When NYC literary critic Amy Brady, PhD UMass, began writing a cli-fi trends literary column in early 2017, planet Earth had just closed out its hottest year on record. And 2017 was already shaping up to be another year dramatically impacted by global warming.
Now, with her 11th column this year, Dr Brady writes in her latest column:
Sadly,  lived up to expectations.
As wild fires in the West consumed thousands of homes—of both people and animals—several hurricanes spun their deadly arms across the Atlantic, ultimately devastating Puerto Rico, many Caribbean islands, and multiple U.S. cities.
The American federal government turned a blind eye to climate change, but state governments and local municipalities are stepping up to make a difference. And writers from around the world continue to join them in the fight.
Case in point: This past October, writer C. Morgan Babst published her debut novel, The Floating World. Set in the immediate aftermath of Hurricane Katrina, the book introduces us to the Boisdorés, a family that can trace its ancestors back to the founding of New Orleans. When news of the approaching hurricane reaches them, Joe Boisdoré, an artist and descendant of a freed slave, leaves the city with his white upper-class wife, Tess. They leave behind their eldest daughter, Cora, who refuses to abandon her home. When the parents return, they find their daughter mute and trauma-stricken by what happened in their absence. Del, their youngest daughter, returns from New York to help figure out what happened to her sister, and discovers that to find answers, she must wrestle with the city’s racial and class tensions.
The Floating World is a beautiful novel that speaks profoundly to the current moment. Babst spoke with me about her inspiration for the book, the real-life effects of Hurricane Katrina on her beloved home town of New Orleans, and how climate change continues to impact the city’s most vulnerable populations.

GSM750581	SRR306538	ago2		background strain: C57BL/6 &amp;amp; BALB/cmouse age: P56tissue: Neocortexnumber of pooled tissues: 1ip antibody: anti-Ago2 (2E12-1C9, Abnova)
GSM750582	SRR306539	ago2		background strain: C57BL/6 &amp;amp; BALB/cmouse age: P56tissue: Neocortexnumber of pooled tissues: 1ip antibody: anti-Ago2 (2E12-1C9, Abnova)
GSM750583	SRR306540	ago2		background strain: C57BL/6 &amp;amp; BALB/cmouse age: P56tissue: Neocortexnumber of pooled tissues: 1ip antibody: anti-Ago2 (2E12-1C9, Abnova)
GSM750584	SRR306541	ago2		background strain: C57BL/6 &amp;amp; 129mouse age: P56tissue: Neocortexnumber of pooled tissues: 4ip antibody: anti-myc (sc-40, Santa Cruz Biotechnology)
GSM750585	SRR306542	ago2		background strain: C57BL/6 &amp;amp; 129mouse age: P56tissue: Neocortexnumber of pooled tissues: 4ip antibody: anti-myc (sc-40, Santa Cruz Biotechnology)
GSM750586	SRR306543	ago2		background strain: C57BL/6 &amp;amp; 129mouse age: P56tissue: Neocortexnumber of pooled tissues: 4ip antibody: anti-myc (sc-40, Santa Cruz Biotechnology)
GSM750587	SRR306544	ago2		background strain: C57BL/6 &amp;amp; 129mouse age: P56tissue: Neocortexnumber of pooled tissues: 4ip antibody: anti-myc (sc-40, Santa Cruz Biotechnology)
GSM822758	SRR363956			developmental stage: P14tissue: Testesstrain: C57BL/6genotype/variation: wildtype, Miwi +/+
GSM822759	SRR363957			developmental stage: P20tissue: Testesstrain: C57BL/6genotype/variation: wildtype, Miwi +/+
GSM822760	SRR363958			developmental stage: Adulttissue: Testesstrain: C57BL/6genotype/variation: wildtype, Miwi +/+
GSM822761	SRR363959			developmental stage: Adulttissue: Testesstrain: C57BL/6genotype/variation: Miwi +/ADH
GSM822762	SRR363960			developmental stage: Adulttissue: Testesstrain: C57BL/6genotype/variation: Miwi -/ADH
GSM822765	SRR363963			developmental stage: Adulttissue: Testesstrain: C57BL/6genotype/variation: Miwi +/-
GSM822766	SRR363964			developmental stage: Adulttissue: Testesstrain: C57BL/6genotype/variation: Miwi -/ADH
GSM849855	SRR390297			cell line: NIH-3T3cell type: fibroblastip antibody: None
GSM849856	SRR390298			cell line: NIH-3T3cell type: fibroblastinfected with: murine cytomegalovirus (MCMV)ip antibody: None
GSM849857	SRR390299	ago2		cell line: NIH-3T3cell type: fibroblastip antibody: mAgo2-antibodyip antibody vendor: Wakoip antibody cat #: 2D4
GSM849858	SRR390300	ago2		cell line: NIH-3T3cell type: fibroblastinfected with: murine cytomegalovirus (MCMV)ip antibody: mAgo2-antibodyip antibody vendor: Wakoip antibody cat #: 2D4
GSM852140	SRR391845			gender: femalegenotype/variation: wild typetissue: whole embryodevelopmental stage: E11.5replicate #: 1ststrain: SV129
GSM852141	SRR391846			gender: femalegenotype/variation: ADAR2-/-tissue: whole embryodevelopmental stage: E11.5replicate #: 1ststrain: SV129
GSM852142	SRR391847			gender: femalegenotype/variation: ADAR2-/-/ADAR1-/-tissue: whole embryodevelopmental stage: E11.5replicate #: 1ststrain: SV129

However, with a couple of touchstone exceptions—Peristyle, The Blue Nile, a snippet of autobiography—the specific houses and characters of the novel were entirely imagined. Considering the magnitude of the losses that so many of my fellow New Orleanians had experienced, I wanted to be very sure my characters weren’t trespassing on anyone else’s property. Instead, I used the book to resurrect older ghosts. Though there are living Boisdorés in New Orleans, the family in my novel descends from an 18th-century man who, as far as I can tell, died without heirs, and I built the Boisdorés’ house on a parking lot on Esplanade where a house must once have stood.
It’s only in the aftermath of emergency that we can begin to reckon with it; only after the shock wears off and the damage is surveyed do we really understand what happened. This was particularly true of Katrina, which unfolded as a series of belated revelations about what had just occurred. Those of us who had evacuated went to bed, dry and relieved, after watching news broadcasts about a few broken windows, and woke up to images of the city under water. Those who stayed saw the water rise in their houses after the storm had passed.